The half-hour TV show, Alaska Weather, has helped pilots understand, and visualize, statewide weather patterns for over forty years. Produced jointly by Alaska Public Media and the Nation Weather Service-Alaska Region, it airs nightly on public television channels starting at 5:30 pm on some stations, and later on others. More on this later, but pilots should take note that Alaska Weather is available any time you want to view it after 6 pm, on YouTube. Rather than timing your day around the broadcast schedule of a local station, as long as you have reasonable internet access the program is sitting there, ready to watch at your convenience.
When the program first started in September, 1976 it was called Aviation Weather, and focused specifically on the aviation community. Over the years the value of providing a statewide summary of weather conditions became apparent, and the scope of the program was expanded to include general public and marine forecasts.
As pilots, we have access to some excellent online aviation weather resources today, including the Alaska Aviation Weather Unit’s website (note their new address: weather.gov/aawu) but I still find it helpful to listen to a meteorologist explain what is going on, and provide the “big picture” before I look at individual observations, forecasts and weather camera sites. The National Weather Service has gone to significant efforts to utilize satellite imagery and animation loops to help viewers see the flows of air and moisture that influence the atmospheric conditions we can expect the following day.
The program also features seasonal information, which currently includes warnings about areas of high wildfire danger. In the spring, reports of flooding and break-up on the rivers are included in the broadcast. Last night’s episode included mention of a new weather camera just added by the FAA at Honolulu. I admit that until seeing the map showing the camera site location between McKinley Park and Talkeetna, I was thinking that the camera station was in Hawaii…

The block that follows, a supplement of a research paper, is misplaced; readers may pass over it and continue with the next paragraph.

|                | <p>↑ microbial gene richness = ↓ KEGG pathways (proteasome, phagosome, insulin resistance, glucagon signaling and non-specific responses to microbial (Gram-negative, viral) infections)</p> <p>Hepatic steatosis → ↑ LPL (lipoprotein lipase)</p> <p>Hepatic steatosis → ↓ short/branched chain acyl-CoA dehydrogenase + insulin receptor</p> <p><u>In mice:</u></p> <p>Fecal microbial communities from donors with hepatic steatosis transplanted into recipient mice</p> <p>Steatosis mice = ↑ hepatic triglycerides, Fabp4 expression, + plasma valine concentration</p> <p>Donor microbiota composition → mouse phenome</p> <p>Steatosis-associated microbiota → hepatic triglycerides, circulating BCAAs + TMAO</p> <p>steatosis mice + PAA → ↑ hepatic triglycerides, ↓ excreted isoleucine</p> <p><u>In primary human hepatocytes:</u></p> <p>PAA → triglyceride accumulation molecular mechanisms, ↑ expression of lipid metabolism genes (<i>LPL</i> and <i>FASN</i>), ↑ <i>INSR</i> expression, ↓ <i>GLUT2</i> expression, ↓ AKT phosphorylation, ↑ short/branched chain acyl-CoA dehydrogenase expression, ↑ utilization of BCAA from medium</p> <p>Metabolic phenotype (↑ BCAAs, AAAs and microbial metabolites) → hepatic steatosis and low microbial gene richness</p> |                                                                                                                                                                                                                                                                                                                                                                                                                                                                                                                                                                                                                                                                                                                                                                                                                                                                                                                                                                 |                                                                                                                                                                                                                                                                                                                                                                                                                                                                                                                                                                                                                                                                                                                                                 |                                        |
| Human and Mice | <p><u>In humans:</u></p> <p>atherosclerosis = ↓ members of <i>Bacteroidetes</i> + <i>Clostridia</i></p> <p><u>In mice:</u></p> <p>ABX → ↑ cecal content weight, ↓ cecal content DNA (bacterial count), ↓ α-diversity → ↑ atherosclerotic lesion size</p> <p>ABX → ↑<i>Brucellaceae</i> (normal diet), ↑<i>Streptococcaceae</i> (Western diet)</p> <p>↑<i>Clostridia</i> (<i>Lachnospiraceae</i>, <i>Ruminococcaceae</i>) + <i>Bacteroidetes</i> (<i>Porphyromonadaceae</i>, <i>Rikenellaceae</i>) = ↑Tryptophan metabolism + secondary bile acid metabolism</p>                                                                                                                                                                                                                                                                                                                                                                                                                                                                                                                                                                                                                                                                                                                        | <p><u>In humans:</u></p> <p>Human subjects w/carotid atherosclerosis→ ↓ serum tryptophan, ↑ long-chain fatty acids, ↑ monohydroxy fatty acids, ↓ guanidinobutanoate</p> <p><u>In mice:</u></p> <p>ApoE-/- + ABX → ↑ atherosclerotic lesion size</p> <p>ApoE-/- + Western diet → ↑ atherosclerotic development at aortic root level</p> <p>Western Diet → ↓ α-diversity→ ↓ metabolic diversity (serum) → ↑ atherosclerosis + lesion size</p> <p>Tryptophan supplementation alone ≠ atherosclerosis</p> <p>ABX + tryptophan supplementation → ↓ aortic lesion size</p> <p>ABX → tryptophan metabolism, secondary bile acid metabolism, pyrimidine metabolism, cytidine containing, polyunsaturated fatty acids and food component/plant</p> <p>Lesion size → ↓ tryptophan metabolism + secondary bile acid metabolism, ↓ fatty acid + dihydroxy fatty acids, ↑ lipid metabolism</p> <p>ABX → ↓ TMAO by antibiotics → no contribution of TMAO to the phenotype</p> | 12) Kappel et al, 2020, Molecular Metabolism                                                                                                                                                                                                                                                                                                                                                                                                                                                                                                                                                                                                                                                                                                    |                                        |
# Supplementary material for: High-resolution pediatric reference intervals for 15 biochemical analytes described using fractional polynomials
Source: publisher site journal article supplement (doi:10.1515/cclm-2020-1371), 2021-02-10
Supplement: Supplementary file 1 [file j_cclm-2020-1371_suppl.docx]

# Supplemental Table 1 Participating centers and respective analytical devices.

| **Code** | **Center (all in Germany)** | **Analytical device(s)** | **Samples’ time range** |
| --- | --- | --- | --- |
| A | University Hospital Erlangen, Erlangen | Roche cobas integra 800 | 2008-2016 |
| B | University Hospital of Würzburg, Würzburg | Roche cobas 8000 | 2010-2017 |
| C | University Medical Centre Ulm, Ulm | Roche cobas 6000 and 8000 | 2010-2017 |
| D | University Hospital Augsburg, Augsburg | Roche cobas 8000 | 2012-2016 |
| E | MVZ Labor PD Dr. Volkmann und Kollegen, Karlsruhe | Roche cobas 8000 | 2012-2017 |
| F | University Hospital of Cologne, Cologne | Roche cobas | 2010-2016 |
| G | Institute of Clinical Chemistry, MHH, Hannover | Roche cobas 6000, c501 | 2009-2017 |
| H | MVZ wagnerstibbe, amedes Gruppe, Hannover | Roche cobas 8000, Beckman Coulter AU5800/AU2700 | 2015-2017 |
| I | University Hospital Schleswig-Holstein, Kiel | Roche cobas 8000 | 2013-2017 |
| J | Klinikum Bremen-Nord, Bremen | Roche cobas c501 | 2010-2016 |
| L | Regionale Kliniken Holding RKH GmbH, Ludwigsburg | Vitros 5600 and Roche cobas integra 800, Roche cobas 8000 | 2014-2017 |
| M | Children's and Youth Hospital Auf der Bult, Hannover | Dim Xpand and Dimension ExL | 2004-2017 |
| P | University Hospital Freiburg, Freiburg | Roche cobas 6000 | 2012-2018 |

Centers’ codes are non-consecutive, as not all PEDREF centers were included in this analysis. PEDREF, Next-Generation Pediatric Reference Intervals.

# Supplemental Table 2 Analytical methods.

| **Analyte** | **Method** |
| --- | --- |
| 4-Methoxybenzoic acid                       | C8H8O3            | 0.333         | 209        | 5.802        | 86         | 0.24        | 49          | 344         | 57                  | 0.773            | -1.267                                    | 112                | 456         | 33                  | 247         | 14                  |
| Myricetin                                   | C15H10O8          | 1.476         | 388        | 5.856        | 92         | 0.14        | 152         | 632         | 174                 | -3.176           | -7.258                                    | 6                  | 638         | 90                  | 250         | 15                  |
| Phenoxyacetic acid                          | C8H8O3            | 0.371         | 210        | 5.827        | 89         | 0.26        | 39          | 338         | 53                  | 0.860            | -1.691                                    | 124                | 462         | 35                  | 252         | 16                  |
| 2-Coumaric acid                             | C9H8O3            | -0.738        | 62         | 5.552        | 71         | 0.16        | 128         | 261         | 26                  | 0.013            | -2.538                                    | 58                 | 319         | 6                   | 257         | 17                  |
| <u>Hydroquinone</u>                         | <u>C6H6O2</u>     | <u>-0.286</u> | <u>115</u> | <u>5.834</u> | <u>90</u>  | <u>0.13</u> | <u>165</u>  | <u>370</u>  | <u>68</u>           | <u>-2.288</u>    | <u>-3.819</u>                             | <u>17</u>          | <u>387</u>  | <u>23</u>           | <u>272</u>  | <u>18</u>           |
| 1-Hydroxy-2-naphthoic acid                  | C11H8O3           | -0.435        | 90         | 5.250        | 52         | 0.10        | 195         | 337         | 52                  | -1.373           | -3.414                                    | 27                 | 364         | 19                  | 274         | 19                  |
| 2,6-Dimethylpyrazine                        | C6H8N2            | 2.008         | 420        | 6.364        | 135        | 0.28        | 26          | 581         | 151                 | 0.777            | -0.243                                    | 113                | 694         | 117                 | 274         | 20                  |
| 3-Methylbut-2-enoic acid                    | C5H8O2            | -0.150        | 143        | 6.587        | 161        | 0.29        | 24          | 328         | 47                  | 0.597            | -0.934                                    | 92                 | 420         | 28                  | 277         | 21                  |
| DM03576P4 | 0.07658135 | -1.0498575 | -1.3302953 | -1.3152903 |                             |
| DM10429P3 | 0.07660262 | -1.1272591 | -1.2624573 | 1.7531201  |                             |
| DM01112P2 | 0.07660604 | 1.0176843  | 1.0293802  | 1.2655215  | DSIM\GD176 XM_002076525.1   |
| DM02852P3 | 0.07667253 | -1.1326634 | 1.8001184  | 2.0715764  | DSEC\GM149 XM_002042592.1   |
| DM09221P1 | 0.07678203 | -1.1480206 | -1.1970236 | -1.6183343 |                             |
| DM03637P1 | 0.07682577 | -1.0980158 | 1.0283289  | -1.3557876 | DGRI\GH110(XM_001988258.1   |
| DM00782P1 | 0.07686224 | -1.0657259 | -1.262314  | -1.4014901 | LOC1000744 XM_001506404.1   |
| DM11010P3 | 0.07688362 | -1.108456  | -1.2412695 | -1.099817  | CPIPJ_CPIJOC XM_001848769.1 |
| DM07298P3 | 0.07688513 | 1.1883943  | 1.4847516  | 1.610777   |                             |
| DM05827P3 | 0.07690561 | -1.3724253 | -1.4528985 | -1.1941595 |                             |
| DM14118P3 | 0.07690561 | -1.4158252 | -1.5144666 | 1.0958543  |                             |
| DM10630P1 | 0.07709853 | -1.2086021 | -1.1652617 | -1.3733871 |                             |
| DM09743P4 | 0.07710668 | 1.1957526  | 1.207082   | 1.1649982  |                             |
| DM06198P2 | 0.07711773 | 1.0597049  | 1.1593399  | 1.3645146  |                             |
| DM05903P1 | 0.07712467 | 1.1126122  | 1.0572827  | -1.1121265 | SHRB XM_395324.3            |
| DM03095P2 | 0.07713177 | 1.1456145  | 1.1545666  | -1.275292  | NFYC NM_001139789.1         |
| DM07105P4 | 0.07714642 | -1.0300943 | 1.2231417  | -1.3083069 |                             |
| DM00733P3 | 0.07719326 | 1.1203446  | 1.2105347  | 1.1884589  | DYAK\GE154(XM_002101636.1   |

Hangar Flying segments
From the beginning, there has been a short break in the middle of the half hour weather program (on commercial stations, this would have been filled with advertisements). Often a safety or short educational feature is included. To help provide content for this 10 minute break between aviation and marine forecasts, the Alaskan Aviation Safety Foundation (AASF) stepped up to the plate, and created a short segment, Hangar Flying, which aired twice a week. This feature was also as a joint effort with Alaska Public Media, who provided the studio and staff to produce the program. These short segments, regularly hosted by AASF Board Chair Harry Kieling and Board Secretary Mary O’Connor, featured interviews with a wide range of pilots, mechanics, educators, government officials and other “persons of interest.” Unfortunately changes at KAKM resulted in suspension of production of the program last April, but I hope to see it back in the future.
Where to find Alaska Weather on TV
Realizing that not everyone has internet access capable of streaming video, it is important also to know where and when to find the program on public television channels across the state. The following link takes you to a page about the show: http://www.weather.gov/afc/tv. The table below provides the time and networks that carry the program. In most cases the Alaska Weather is aired in the early evening, arming you with weather information for the following two days. Unfortunately, Alaska Public Media stations in Southcentral, Southeast and Southwest Alaska don’t broadcast the show until 5 am the following morning. If those stations are your only broadcast TV access, it is another good reason to consider firing up your computer and watching on YouTube.
However you access it, Alaska Weather continues to be a great way to load the big picture in your head, helping plan the following day. Weather is one of our biggest challenges in aviation. We know there is a shortage of reporting stations in Alaska that sometimes makes it difficult to figure out what to expect along a flight route. Being armed with the synoptic view of weather patterns, even before you start a weather briefing, gives you a leg up on safety planning your next flight. Thanks to the National Weather Service for providing this tool for our flight kit!